Breast Cancer blog
PUBLISHED : Monday, 10 February, 2014, 9:11am
UPDATED : Monday, 10 February, 2014, 1:03pm

Seeking a silver lining as ominous news arrives

BIO

Amy is a Chinese American journalist - a native New Yorker - and journalism educator currently living in Hong Kong. She was recently diagnosed with breast cancer at the age of 37, and hopes to share her experiences and adventures with other women and increase awareness.
 

Since November I’d been basking in the glow of being pronounced cancer free. Then something in the air shifted from the bliss of the engagement with the boyfriend and the holiday cheer. There was a chill in the already frosty air, if but mild. Something didn’t feel right, have you ever had that feeling and when? Was it all in the head?

The weather brought ominous signs - the polar vortex which sounds like something out of a sci-fi flick, people wearing wooly face masks, and with that the stress of a new semester and season to come.

The calendar was fast filling up with commitments, engagements, and there were brief moments when it seemed so wonderful and yet horrible, times when the thrill of life in the fast lane returned only to be stopped short by sudden panic and a voice warning, “What are you doing? Slow down, health first. Take care of yourself.”

The body is a funny thing, it sends signals and clues. If you choose to pay attention you are smart. So I’ve been watching my body with a hawk’s eye, carefully and wearily.

There was the trip to the eye doctor, no nothing was very wrong, but a friend reminded me that after four or five years I was due for an exam. I did the retina test, once, twice and then three times. The optometrist showed me the failed test, and sent me to an M.D. the expert of experts. The heart stopped and there again was the moment. “It’s not typically a tumour although I don’t know, you need to make an appointment and follow up,” she said. “Immediately?” I asked. “Well I wouldn’t wait more than 2 or 3 weeks.”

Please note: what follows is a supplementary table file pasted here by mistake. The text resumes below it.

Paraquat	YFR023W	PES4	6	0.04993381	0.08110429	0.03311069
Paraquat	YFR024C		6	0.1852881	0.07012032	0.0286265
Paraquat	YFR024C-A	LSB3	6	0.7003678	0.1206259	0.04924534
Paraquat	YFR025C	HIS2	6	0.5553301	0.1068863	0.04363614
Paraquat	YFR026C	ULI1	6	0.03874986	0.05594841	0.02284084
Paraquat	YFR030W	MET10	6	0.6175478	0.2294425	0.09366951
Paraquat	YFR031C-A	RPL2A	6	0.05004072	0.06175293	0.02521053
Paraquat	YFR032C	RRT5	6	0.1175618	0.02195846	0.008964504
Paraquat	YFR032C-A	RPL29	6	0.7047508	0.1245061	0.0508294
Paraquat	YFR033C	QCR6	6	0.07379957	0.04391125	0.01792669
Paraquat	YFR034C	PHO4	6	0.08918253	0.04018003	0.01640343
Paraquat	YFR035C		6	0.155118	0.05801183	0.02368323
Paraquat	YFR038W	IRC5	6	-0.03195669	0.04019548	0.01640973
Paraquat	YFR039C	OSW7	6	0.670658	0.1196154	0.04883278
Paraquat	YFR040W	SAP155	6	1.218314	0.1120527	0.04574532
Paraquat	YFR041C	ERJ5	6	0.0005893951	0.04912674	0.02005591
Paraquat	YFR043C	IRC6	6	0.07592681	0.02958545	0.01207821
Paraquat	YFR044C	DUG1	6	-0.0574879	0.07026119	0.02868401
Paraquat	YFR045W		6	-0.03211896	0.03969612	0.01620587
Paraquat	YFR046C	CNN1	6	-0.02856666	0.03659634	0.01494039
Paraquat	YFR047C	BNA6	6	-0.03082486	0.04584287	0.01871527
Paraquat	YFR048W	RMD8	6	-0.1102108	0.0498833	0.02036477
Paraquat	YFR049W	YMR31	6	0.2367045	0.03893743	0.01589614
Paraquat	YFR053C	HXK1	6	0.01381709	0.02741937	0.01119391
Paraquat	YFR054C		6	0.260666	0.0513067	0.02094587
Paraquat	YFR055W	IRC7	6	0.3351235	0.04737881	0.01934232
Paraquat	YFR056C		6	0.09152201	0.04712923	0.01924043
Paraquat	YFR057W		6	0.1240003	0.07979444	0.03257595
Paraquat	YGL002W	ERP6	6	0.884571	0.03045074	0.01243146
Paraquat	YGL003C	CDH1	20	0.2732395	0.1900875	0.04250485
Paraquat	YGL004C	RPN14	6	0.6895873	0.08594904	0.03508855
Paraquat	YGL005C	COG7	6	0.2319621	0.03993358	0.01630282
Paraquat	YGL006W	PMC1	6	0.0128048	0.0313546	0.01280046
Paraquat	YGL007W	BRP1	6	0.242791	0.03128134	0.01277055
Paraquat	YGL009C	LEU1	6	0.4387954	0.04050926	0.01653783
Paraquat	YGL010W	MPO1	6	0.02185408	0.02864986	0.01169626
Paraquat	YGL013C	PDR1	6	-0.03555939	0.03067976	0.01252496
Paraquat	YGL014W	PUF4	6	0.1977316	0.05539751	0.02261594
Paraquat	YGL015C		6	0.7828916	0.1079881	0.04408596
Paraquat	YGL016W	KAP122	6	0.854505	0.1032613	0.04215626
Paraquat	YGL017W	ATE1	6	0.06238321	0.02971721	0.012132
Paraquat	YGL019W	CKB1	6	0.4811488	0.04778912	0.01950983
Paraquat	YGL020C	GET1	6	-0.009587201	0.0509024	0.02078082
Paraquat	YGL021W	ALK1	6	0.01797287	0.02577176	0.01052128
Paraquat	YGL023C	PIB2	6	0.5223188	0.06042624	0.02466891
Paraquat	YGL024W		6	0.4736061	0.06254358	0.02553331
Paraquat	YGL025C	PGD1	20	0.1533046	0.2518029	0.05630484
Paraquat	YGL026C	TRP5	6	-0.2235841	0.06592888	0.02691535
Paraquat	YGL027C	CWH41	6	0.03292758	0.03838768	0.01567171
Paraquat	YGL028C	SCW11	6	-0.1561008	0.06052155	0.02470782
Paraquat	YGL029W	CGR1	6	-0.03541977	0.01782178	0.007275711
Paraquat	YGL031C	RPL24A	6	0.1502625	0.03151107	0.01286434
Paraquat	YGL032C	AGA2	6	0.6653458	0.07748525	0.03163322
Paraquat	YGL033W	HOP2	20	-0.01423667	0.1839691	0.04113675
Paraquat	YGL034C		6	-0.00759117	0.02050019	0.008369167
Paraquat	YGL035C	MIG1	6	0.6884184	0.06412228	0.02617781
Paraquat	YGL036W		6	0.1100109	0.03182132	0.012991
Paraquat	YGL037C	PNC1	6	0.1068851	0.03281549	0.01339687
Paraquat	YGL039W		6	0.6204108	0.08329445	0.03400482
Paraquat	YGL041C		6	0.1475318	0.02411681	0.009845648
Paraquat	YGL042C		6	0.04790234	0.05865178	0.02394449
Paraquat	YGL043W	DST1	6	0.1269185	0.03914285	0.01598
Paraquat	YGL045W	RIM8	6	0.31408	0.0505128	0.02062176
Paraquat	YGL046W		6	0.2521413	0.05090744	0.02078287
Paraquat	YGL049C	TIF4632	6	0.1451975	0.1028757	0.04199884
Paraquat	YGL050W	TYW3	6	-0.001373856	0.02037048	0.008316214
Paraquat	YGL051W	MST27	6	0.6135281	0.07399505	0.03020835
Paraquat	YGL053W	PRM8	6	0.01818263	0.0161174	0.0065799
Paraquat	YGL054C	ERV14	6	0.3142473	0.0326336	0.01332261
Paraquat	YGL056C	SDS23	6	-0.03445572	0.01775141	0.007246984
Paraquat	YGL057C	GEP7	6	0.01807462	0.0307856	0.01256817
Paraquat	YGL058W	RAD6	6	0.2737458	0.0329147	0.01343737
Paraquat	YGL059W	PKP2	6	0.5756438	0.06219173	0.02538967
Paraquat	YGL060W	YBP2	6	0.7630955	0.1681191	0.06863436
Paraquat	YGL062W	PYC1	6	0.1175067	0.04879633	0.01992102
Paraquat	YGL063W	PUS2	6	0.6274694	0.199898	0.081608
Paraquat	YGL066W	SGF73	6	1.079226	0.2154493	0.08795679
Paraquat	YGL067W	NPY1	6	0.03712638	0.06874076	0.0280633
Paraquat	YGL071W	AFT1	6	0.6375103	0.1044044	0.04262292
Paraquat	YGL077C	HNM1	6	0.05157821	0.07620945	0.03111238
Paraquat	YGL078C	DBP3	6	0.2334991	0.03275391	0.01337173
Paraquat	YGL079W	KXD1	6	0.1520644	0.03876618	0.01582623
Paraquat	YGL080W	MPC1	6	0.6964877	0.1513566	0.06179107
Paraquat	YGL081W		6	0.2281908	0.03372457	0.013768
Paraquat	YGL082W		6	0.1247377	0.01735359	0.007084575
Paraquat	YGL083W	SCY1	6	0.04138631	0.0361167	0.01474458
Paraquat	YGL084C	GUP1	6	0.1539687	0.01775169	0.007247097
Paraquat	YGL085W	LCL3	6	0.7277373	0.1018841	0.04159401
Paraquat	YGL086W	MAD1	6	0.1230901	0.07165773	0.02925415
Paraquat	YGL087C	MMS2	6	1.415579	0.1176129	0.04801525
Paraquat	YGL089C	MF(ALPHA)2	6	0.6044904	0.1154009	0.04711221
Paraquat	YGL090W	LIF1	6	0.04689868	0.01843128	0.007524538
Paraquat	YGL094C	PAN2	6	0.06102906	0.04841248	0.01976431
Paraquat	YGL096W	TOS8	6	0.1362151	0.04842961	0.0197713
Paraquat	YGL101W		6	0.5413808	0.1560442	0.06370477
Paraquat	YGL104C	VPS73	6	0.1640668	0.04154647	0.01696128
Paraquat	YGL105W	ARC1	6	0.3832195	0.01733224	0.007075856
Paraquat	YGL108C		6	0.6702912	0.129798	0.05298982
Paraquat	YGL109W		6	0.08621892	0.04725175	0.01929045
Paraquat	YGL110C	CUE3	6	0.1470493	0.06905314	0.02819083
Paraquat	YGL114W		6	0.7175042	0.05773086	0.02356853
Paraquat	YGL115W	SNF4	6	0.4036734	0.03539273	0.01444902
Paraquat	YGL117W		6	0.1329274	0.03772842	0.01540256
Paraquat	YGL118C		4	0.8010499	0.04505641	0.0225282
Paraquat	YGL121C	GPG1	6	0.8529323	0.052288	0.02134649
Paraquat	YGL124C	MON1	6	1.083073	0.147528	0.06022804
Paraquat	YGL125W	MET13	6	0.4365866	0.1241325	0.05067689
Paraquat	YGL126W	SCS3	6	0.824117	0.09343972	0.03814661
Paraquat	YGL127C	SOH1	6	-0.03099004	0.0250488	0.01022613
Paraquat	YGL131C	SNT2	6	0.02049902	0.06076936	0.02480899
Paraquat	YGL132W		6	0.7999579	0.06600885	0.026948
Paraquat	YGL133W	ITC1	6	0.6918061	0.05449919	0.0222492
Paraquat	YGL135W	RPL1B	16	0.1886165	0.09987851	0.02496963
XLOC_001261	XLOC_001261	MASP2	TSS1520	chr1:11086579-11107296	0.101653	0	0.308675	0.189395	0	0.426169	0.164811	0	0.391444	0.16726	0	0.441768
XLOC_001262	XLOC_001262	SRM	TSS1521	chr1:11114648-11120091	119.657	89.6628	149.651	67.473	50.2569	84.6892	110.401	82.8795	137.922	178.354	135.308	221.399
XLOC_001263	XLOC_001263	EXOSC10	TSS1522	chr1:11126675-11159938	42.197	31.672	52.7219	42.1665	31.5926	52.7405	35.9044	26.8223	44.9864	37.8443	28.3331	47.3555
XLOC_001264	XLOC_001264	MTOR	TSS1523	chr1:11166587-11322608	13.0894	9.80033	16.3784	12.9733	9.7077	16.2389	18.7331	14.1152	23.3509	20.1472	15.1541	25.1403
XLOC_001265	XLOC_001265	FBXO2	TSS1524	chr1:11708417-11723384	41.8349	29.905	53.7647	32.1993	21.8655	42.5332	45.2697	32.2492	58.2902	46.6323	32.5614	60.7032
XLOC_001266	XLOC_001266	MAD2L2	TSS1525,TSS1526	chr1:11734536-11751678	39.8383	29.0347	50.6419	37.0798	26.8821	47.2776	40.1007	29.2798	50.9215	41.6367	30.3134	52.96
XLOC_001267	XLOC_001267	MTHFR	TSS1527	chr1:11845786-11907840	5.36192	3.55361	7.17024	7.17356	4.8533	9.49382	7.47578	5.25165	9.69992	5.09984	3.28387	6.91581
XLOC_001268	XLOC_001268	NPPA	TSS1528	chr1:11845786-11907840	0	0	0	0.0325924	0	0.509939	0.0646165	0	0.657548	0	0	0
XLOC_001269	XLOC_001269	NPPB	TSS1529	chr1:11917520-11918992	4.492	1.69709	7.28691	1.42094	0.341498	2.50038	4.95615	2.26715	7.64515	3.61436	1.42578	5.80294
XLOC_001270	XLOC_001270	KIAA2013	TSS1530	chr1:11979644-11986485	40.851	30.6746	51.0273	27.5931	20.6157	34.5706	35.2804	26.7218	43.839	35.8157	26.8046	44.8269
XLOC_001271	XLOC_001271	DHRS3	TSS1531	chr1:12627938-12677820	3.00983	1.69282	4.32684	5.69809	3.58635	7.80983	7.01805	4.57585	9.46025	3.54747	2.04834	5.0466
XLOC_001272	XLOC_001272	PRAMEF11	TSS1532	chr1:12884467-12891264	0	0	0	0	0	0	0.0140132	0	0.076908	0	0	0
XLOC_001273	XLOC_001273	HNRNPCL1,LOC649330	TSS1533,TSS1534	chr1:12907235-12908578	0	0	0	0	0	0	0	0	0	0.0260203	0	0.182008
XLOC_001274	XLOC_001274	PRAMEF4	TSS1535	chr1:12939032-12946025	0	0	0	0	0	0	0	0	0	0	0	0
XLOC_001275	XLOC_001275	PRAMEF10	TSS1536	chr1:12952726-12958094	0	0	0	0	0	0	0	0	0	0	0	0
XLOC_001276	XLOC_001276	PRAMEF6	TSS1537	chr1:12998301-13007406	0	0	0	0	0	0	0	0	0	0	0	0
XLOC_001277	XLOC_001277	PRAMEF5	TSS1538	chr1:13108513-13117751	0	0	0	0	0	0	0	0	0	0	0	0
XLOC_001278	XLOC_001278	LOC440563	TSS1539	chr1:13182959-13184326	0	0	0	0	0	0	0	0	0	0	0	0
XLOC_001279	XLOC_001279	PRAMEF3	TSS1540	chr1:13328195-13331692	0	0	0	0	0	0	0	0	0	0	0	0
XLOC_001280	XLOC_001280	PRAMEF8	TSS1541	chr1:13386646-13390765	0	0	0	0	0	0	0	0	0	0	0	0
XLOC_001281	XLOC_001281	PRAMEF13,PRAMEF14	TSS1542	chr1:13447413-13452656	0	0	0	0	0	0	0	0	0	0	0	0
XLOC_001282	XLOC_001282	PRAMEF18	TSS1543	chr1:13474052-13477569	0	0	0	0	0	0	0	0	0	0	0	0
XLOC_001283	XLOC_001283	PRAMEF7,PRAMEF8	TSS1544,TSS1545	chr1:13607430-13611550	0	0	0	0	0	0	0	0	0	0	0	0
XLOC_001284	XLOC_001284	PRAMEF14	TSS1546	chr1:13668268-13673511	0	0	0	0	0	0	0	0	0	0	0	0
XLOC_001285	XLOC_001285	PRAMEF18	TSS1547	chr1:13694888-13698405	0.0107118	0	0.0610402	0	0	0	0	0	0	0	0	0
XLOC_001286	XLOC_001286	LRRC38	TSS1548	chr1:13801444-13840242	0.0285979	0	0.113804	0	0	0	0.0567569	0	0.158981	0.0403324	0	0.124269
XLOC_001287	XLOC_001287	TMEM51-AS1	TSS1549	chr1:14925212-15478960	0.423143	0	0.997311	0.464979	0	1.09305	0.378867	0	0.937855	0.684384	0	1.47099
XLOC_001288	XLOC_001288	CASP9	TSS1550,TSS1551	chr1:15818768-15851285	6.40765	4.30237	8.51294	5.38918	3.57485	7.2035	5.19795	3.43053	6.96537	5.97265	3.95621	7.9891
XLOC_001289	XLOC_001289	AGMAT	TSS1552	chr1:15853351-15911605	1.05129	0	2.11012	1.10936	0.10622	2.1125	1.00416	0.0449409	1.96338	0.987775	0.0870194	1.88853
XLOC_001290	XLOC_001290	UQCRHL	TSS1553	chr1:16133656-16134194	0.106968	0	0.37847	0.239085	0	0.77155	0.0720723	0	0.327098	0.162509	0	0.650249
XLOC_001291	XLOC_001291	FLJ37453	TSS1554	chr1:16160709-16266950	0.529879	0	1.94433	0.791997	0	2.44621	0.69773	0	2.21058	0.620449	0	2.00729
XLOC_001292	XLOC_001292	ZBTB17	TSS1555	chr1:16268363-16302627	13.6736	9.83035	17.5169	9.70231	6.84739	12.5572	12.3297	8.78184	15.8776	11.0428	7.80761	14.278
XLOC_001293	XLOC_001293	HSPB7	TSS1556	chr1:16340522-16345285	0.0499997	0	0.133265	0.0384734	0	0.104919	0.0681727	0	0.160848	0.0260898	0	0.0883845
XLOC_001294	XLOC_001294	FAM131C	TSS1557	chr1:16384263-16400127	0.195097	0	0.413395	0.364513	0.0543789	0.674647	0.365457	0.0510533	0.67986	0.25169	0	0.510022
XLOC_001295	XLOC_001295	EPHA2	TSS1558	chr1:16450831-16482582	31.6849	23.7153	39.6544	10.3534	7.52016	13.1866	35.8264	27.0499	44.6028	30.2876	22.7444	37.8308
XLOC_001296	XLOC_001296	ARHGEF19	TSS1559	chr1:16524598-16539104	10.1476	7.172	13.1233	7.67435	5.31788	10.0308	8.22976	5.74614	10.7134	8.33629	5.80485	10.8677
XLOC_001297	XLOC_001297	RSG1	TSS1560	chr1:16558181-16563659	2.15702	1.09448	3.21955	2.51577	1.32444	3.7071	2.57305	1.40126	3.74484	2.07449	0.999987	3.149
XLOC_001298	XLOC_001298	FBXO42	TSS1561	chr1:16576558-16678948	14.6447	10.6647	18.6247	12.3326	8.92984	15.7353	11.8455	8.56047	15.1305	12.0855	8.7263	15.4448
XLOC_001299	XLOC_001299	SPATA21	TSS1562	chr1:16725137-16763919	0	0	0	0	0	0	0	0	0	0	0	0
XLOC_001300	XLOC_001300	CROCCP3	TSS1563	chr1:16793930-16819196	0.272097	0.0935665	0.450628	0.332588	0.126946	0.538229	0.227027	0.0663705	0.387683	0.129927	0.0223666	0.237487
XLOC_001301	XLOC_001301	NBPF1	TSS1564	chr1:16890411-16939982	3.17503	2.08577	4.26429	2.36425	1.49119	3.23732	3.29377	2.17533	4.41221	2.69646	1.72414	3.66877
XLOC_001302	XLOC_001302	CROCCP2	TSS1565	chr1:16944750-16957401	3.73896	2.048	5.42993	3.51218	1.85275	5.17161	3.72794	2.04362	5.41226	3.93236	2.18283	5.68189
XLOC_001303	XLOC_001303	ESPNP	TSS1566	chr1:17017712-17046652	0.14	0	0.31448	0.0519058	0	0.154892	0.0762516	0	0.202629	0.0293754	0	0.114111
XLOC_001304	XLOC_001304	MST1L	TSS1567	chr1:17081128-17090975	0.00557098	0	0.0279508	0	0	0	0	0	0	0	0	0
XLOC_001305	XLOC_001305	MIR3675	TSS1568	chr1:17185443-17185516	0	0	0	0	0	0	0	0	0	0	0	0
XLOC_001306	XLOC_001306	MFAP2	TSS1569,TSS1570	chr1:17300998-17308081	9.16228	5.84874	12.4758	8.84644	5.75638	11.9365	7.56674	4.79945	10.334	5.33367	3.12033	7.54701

The imagination, that Tasmanian devil, awoke from hibernation. Maybe the cancer cell had found its way into my eye and there was a tumour sitting on top of the optic nerve.

Nail biting, nervousness, sitting on the edge of the seat at the M.D.’s office. I took the same test and fidgeted and sweated through it. The doctor looked through the results and asked me why I was here. Was I having trouble seeing things? Did I suffer from headaches? No, no, but I kept thinking about the poor young woman at the cancer meeting who shared her story about her eye cancer spreading to her breast.

“Well, the results aren’t great but aren’t terrible,” he said. “A person of your age should fly through this test, but some people can be poor test takes. Let’s monitor this, come back in six months.” Then he smiled at me trying to ease my worry. “I’d be worried if you were walking into walls, like some of the fragile old ladies that I see, but don’t take offense at this, you don’t look like you are about to fall over." This broke the heavy air, and we laughed.

But the season of symptoms continued. There was then the morning where I detected Kool-Aid colored urine, another sign of software gone haywire. I turned to the ladies on the Facebook forums, and shared my predicament with them. Perhaps one of them would call me a hypochondriac or suggest I see a shrink. No such luck. Having all been through breast cancer in one capacity of another they shared their concerns, one said that she had a hysterectomy and was treated for stage 0 cervical cancer.

Another wrote, “Just saw a show on Dr. Oz about blood in the urine, and it probably isn’t, but could be bladder cancer…also I know from my experience with my dad, could be kidney issues…do get it checked and keep us posted…hoping it’s nothing serious.” Oh sheesh, I sighed. Well, I hoped so too. This was after all the Year of the Horse, the season of lucky read packets. So I focus on the silver lining as faint as it seems, I dare not look elsewhere.

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